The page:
Since 2003, ICARA's founder, Patrice Penney, has lived and worked in Kenya, and consulted and trained in Rwanda, Ethiopia, and other parts of Africa. All her professional life she has been passionate about the needs of children at risk (both in Chicago and East Africa). As a clinical social worker, living and working in African culture, she has engaged in counseling, teaching, training, and research to understand and meet children's needs. Patrice has been moved by the needs of the children due to the trauma they have experienced, requiring urgent caregiver training to provide nurturing caregiving and reduce the risks for these children.
The risk factors for these children include poverty; orphaning and abandonment; violent communities; physical, emotional, sexual abuse and neglect; child status; parents who are HIV+ or have other illness; war, regional conflict and refugee status. Most of the children have not one, but an accumulation of risk factors, which have derailed healthy child development. These are children who are grieving tremendous losses, and who are suffering from trauma.
As Patrice has engaged with caregivers and orphans in many different contexts, and studied the available research on OVC’s in Africa, it has become clear that developing counseling interventions for individual children would barely scratch the surface in meeting the needs of these children, who are in both extended family contexts and also institutional care. Why? The sheer numbers of African[i] orphans, [estimates of close to 60 million[ii]], prohibits any idea of individual counseling for most orphans. Further, counseling is a relatively new endeavor in sub-Saharan Africa, met with considerable mistrust, misunderstanding, and stigma, and there are woefully few trained counselors to meet the overwhelming need. While counseling for traumatized children needs to be addressed, it is not viable on a large scale.
Furthermore, a foundational premise of the Initiative for Children at Risk Africa is that every African orphan needs and deserves a loving caregiver, who will anchor the child in secure attachment[iii], which gives the child a sense of belonging, being loved, being “felt”, and being secure. When this need is met, children who have experienced severe loss and trauma may be able to heal without further intervention. This reduces their ‘at risk” status by providing for their fundamental need, putting in place crucial protective factors.
So what will help orphaned and vulnerable children be securely attached to caregivers? Patrice has turned her attention to caregiver training, with the goal of equipping caregivers to build attachment security with children in their care, enabling the children to grow and thrive emotionally. Caregiver training has been documented in the existing research into the psychological health of orphans and vulnerable children as a very significant need, currently unmet. The training focuses on enabling African caregivers to better understand child development, the needs of OVC’s who have suffered loss and trauma, and how that severely damages normal development, and focuses on caregiving and interventions that can help children address their social and emotional needs once placed at risk.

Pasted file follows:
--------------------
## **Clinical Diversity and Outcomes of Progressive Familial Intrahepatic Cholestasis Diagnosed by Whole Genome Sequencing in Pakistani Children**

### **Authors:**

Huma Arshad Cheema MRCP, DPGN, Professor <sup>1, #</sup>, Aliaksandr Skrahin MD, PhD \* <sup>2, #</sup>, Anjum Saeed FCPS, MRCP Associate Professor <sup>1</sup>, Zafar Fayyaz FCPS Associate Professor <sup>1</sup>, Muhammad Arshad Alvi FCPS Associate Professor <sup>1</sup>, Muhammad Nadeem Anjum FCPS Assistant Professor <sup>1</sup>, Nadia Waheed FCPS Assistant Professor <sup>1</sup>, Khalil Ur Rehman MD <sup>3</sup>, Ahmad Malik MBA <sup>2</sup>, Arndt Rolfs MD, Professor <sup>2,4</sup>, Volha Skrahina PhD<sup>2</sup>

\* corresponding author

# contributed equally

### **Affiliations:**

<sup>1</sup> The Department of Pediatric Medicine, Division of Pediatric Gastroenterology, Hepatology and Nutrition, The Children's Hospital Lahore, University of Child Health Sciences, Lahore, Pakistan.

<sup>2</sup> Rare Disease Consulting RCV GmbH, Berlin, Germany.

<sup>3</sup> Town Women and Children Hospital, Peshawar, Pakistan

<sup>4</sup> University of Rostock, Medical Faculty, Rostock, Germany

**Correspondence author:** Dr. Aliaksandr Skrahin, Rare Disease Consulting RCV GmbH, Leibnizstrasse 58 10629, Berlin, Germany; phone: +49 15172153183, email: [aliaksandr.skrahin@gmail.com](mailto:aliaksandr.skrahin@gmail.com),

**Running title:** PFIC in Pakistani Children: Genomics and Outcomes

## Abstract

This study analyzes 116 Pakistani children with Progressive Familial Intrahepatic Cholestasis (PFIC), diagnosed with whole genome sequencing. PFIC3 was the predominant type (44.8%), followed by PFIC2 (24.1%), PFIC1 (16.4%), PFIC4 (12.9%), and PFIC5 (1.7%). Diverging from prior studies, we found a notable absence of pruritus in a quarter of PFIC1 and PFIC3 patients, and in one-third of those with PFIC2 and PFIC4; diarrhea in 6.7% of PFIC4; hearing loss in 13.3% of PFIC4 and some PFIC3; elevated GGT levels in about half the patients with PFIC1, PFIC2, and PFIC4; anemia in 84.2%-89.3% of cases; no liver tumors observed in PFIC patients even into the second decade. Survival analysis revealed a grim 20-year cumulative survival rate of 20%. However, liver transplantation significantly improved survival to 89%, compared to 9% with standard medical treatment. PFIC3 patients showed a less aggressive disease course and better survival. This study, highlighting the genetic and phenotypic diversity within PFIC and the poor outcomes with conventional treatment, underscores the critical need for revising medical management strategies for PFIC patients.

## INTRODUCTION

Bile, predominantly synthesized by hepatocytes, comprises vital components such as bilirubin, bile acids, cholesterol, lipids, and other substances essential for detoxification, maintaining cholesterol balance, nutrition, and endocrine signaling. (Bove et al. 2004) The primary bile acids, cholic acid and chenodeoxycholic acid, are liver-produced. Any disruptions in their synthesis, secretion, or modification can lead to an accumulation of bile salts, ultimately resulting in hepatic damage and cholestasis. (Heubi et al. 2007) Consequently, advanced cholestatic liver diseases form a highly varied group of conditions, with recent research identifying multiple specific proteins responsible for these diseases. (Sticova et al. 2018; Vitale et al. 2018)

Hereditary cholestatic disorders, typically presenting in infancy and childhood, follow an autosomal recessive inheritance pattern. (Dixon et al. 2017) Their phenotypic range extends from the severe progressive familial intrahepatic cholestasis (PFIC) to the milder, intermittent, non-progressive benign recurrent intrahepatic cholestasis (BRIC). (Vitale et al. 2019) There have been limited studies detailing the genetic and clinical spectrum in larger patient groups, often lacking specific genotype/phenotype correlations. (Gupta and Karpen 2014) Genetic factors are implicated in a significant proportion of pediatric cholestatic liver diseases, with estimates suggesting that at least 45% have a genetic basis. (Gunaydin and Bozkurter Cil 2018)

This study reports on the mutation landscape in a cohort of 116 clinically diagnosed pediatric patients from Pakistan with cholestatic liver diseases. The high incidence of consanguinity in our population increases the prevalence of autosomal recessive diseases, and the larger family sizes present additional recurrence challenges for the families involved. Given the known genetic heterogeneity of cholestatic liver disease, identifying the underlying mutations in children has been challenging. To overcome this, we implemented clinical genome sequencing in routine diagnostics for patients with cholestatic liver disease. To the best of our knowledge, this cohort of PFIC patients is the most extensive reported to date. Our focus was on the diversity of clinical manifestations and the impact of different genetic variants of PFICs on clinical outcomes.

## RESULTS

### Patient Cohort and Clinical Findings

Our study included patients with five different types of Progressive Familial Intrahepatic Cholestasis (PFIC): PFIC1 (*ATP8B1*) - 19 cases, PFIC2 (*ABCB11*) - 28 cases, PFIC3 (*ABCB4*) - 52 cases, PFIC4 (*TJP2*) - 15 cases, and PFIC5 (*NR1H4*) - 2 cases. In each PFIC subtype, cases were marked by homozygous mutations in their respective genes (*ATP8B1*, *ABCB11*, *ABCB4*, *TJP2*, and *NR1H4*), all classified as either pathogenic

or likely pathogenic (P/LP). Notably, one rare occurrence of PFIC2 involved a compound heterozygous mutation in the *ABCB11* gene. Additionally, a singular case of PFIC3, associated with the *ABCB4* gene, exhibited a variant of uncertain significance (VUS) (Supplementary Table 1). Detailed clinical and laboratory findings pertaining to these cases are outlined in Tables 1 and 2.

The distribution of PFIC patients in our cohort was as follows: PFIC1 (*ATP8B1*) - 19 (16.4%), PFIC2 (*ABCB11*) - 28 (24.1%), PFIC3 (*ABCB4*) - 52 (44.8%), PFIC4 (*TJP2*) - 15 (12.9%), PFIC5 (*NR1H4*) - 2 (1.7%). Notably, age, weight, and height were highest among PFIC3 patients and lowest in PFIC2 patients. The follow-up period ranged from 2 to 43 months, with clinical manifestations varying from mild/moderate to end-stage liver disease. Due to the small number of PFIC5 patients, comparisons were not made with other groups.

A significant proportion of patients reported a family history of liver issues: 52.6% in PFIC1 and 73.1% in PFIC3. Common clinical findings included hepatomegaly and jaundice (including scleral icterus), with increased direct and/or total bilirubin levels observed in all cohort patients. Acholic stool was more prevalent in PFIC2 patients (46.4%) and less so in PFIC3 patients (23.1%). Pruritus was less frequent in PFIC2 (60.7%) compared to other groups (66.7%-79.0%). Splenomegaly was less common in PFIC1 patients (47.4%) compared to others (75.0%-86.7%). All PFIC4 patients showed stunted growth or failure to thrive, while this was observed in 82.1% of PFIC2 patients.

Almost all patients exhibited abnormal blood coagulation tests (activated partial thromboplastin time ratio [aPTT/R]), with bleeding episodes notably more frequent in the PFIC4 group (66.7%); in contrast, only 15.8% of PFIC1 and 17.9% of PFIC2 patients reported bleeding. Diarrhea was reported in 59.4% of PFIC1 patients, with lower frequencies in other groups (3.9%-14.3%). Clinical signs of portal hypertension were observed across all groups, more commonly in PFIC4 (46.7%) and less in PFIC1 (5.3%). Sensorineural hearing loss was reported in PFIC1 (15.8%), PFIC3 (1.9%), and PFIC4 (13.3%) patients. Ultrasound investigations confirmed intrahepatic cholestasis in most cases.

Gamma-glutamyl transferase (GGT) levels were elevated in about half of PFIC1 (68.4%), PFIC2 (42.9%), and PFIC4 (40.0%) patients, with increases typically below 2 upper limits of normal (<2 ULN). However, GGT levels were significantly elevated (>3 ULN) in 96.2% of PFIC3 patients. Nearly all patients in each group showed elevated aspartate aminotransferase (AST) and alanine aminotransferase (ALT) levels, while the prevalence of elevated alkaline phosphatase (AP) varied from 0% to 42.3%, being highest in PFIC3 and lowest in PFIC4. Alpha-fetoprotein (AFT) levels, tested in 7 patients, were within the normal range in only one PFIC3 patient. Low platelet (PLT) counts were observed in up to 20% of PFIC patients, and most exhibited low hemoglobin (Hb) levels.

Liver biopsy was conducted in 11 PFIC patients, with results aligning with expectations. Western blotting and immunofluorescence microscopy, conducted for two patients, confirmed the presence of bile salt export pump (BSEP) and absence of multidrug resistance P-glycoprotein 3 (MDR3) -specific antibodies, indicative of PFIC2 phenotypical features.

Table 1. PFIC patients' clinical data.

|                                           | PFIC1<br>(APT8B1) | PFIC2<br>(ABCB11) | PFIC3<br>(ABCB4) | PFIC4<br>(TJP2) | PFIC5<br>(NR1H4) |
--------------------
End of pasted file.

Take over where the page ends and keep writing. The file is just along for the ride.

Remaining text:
We chose “initiative” because it means “an introductory act or step; leading action”; and “the power or ability to begin or to follow through energetically with a plan or task with determination”. Initiative describes beautifully the idea of this organization, which is to initiate action on behalf of orphaned and vulnerable children [OVCs] right now around their psychosocial health, so that the hearts of the current generation of OVCs will be nurtured by a quality standard of care—that of loving, supportive caregiving focused on child development across all domains and from birth to young adult maturity.
The second part of the name is “children at risk”. There are a number of terms that describe children who are in danger of not thriving as they grow and develop, and “children at risk” is the most comprehensive, and a widely understood term in the African context. Another phrase is “orphans and vulnerable children” or OVCs. Both terms are used in documents from UNICEF and the World Bank, in academic research, and in the narrative of ICARA.
While “children at risk” is very broad, it also helps move the discussion to all of the factors that hinder children from thriving, one of which is orphaning—but there are many others—poverty, regional conflicts and wars, refugee status, violence in communities, physical and sexual violence.
For further discussion of “children at risk” in Africa, see
Africa is a very large and diverse continent, with over fifty countries. For the purposes of ICARA, Africa means “sub-Saharan” Africa with its many diverse cultures and languages. This organization, though it is small, is willing to be involved anywhere in Africa that there is an invitation, a need presented, an organization on the ground with whom we can work. If ICARA is involved in three countries or thirty-three, we will be thrilled to come alongside local organizations caring for children at risk.
[i] Africa throughout this document refers to sub-Saharan, or Black Africa, not including the portions of the Middle East that are found on the northernmost parts of the African continent.
[ii] This number comes from the latest figures from UNICEF.
[iii] For a more substantive discussion of secure attachment, see the work of John Bowlby, or a recent discussion in Daniel Hughes' Attachment Focused Parenting (2009).